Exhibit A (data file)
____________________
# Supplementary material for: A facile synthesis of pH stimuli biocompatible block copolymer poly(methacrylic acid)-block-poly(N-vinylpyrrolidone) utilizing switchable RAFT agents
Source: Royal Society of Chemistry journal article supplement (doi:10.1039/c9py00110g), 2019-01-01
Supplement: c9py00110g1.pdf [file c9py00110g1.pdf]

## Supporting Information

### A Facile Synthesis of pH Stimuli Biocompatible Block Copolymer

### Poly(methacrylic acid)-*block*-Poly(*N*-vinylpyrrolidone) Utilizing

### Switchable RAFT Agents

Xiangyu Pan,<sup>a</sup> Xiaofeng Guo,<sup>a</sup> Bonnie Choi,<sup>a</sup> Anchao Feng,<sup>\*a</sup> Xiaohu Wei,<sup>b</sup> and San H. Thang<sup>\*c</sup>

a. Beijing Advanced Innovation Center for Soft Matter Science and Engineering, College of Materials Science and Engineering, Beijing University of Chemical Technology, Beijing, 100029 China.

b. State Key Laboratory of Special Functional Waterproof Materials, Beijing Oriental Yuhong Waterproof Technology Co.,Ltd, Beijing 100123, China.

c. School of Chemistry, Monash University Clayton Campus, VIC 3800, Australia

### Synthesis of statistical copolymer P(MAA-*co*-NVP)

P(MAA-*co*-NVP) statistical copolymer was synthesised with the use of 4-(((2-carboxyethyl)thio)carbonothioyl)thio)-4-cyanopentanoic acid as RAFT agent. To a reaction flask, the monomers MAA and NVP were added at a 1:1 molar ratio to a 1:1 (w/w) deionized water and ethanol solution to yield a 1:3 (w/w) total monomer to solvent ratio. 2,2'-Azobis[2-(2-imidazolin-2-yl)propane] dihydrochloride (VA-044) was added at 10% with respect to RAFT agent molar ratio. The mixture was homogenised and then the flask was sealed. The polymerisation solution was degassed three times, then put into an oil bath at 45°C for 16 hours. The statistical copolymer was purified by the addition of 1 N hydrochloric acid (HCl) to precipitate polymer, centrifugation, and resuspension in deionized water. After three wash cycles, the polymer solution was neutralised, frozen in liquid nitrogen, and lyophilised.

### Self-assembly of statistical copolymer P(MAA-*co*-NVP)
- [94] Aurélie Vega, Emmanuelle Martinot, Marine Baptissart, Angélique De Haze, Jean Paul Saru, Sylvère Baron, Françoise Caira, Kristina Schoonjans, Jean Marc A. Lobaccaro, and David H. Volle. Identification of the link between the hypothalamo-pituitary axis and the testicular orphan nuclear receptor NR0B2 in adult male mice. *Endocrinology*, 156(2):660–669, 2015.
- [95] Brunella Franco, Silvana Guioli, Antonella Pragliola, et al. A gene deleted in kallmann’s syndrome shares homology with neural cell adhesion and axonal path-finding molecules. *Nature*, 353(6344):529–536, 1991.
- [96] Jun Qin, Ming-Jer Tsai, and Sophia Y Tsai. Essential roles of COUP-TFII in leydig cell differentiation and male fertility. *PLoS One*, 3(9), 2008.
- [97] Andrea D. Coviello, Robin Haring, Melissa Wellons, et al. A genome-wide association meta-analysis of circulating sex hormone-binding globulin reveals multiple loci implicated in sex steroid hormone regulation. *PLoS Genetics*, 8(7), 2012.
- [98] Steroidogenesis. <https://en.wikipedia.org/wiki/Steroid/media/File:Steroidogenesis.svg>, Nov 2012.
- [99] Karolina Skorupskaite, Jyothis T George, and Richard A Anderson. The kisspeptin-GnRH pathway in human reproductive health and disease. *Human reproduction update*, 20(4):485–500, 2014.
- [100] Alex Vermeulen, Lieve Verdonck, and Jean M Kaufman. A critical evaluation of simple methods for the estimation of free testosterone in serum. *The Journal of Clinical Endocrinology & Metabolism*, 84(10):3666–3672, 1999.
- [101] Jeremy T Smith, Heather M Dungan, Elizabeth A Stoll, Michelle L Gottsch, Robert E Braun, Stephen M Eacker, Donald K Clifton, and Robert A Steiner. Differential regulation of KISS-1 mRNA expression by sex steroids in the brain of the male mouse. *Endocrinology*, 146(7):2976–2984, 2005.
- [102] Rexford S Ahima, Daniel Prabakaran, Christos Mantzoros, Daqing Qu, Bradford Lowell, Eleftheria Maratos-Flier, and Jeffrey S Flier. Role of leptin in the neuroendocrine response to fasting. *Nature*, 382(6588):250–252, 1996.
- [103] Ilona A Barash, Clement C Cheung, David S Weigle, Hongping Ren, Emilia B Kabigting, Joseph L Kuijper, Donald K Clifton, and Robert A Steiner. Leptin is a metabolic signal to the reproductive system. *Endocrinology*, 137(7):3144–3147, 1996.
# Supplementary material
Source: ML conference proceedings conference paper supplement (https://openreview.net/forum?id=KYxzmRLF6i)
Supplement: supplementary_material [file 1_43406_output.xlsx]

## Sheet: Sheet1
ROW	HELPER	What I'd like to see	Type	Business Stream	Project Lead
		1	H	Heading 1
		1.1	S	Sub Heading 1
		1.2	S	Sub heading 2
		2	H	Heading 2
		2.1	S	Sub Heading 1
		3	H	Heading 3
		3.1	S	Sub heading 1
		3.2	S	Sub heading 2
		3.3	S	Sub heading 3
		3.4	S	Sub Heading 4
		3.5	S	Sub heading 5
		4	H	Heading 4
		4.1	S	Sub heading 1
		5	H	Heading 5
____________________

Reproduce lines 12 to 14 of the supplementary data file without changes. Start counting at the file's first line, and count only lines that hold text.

### Synthesis of statistical copolymer P(MAA-*co*-NVP)

P(MAA-*co*-NVP) statistical copolymer was synthesised with the use of 4-(((2-carboxyethyl)thio)carbonothioyl)thio)-4-cyanopentanoic acid as RAFT agent. To a reaction flask, the monomers MAA and NVP were added at a 1:1 molar ratio to a 1:1 (w/w) deionized water and ethanol solution to yield a 1:3 (w/w) total monomer to solvent ratio. 2,2'-Azobis[2-(2-imidazolin-2-yl)propane] dihydrochloride (VA-044) was added at 10% with respect to RAFT agent molar ratio. The mixture was homogenised and then the flask was sealed. The polymerisation solution was degassed three times, then put into an oil bath at 45°C for 16 hours. The statistical copolymer was purified by the addition of 1 N hydrochloric acid (HCl) to precipitate polymer, centrifugation, and resuspension in deionized water. After three wash cycles, the polymer solution was neutralised, frozen in liquid nitrogen, and lyophilised.

### Self-assembly of statistical copolymer P(MAA-*co*-NVP)